Colours are well rendered, with accurate skin tones and barely any bleeding or oversaturation.

    Compression artefacts are a niggling issue but one that doesn't detract too much from one's enjoyment of the movie. The opening scene is the most obviously affected.

    Aliasing occurs fairly infrequently.

    The most jarring problem is a line that splits the screen during the entire opening sequence. This is most disconcerting as the opening scene is entirely visual in character. Occasional specks of dirt also intrude but aren't too distracting.

Video Ratings Summary
Sharpness
Shadow Detail
Colour
Grain/Pixelization
Film-To-Video Artefacts
Film Artefacts
Overall

Audio

    The audio is well suited to the film but is certainly not of demonstration quality.

    MGM provide us with a choice of five language tracks, all presented in Dolby Stereo 2.0 sound: English, French, Italian, German and Spanish, and accompanied by the appropriate subtitles, including some extras. I sampled the French track and listened in full to the English track.

    Dialogue is clear and precisely presented. Audio sync was not an issue. There were no detectable defects in the track.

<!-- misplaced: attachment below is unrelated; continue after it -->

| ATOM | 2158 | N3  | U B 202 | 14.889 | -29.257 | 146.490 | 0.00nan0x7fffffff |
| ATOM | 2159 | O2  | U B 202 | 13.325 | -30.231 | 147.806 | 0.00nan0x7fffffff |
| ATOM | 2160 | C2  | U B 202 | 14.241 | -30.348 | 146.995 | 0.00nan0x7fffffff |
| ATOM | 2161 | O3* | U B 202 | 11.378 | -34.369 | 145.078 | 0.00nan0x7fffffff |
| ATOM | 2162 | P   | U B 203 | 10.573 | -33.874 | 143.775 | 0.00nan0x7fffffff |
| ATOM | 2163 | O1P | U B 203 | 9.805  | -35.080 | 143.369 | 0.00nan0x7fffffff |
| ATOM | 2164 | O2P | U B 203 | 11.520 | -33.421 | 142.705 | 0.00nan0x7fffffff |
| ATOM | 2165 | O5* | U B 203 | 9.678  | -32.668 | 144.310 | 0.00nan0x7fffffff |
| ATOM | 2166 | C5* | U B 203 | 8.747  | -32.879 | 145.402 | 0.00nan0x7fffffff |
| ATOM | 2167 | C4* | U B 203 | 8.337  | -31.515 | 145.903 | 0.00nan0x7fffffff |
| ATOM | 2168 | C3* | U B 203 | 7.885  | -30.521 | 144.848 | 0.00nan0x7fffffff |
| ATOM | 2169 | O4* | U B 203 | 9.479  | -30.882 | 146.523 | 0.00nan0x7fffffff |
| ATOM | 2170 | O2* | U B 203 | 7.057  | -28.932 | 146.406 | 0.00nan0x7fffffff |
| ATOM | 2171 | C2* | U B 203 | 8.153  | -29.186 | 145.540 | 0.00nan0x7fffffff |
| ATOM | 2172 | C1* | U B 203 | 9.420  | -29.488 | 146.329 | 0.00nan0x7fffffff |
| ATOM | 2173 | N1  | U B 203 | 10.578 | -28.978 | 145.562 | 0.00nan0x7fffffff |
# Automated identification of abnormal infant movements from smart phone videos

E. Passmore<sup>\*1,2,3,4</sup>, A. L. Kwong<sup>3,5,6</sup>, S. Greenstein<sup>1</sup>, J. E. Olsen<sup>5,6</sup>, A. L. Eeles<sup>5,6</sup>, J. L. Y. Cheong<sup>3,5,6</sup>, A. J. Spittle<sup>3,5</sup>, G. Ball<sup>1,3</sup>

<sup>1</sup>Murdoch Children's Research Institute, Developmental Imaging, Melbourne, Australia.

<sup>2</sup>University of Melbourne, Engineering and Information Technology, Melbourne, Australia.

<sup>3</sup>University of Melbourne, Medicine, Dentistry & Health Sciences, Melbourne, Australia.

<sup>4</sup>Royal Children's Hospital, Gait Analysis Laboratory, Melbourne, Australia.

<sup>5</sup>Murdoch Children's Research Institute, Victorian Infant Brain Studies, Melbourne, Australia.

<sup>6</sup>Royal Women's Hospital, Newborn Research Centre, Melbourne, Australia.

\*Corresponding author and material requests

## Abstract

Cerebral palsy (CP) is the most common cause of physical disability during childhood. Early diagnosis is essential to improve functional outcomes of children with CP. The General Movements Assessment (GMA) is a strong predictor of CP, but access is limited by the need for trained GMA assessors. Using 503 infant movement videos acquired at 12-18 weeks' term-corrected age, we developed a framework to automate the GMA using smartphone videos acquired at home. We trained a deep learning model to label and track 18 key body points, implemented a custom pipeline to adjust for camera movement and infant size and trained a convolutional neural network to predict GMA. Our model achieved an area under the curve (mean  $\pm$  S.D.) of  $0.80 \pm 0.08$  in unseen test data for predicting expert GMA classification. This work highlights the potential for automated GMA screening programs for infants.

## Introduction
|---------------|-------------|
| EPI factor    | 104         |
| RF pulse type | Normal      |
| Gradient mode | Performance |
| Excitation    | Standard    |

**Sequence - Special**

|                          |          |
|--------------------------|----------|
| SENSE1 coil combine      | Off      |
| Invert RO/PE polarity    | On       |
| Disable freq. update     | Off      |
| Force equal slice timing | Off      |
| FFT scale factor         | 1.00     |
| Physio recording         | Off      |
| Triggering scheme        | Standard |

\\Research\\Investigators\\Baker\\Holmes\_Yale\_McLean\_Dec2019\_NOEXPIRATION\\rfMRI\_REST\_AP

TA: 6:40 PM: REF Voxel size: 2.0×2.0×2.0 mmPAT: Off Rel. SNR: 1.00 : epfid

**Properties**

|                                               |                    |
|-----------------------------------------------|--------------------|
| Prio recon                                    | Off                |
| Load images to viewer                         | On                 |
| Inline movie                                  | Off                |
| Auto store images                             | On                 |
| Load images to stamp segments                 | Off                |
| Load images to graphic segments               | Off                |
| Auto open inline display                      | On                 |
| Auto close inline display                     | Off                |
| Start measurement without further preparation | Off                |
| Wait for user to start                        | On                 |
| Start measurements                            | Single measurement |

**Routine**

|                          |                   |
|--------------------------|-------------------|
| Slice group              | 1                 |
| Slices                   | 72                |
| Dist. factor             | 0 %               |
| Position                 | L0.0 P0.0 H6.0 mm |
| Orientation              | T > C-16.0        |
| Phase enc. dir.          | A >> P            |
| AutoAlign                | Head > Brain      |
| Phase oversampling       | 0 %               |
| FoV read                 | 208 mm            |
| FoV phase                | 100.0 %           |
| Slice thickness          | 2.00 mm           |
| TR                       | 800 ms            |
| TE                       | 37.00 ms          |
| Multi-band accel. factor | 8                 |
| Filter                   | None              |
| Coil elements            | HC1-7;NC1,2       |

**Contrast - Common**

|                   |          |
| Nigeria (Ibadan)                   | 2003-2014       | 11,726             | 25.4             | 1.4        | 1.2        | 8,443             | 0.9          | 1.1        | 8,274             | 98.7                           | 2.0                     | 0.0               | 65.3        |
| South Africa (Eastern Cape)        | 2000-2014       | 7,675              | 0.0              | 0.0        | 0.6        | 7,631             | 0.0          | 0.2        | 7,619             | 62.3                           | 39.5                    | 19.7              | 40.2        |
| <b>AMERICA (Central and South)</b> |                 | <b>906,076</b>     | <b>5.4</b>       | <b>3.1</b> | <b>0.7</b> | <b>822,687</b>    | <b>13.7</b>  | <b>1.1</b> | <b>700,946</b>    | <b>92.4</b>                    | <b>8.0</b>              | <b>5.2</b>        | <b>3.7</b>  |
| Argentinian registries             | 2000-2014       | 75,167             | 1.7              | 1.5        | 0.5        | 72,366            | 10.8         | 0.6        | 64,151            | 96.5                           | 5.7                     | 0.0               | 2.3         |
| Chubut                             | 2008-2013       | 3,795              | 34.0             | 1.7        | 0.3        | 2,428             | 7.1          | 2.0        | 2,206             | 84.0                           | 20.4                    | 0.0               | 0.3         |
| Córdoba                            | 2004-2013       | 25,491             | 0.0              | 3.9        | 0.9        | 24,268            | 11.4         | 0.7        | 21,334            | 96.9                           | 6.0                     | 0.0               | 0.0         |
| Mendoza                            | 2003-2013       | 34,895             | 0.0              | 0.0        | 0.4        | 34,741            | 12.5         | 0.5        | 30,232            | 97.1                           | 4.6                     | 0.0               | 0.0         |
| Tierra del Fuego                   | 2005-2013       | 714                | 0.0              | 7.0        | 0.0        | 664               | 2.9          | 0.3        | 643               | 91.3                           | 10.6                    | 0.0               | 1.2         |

Unsurprisingly for a 2.0 presentation of a dialogue heavy film, the surrounds and subwoofer don't get much to do, although there is some nice added weight to the haunting score by Mark Isham.

Audio Ratings Summary
Dialogue
Audio Sync
Clicks/Pops/Dropouts
Surround Channel Use
Subwoofer
Overall

Extras

    There is a solitary extra - a rather uninspiring (with the typical, early 90s voice-over) trailer presented at 1.33:1, without 16x9 enhancement.

R4 vs R1

NOTE: To view non-R4 releases, your equipment needs to be multi-zone compatible and usually also NTSC compatible.

    The Region 1 release appears to be identical so our cheaper and better looking local version is a winner.

Summary

    A brilliant film then, quite unlike any I've seen before.

    Decent if a little disappointing visuals and audio.

    Only one extra.

Ratings (out of 5)

Video
Audio
Extras
Plot
Overall

© Scott Murray (Dont read my bio - it's terrible.)
Monday, September 27, 2004
Review Equipment
DVDYamaha DVR-S100, using Component output
DisplaySony 76cm Widescreen Trinitron TV. Calibrated with THX Optimizer. This display device is 16x9 capable.
Audio DecoderBuilt in to DVD Player, Dolby Digital and DTS. Calibrated with THX Optimizer.
AmplificationYamaha DVR-S100 (built in)
SpeakersYamaha NX-S100S 5 speakers, Yamaha SW-S100 160W subwoofer

Other Reviews NONE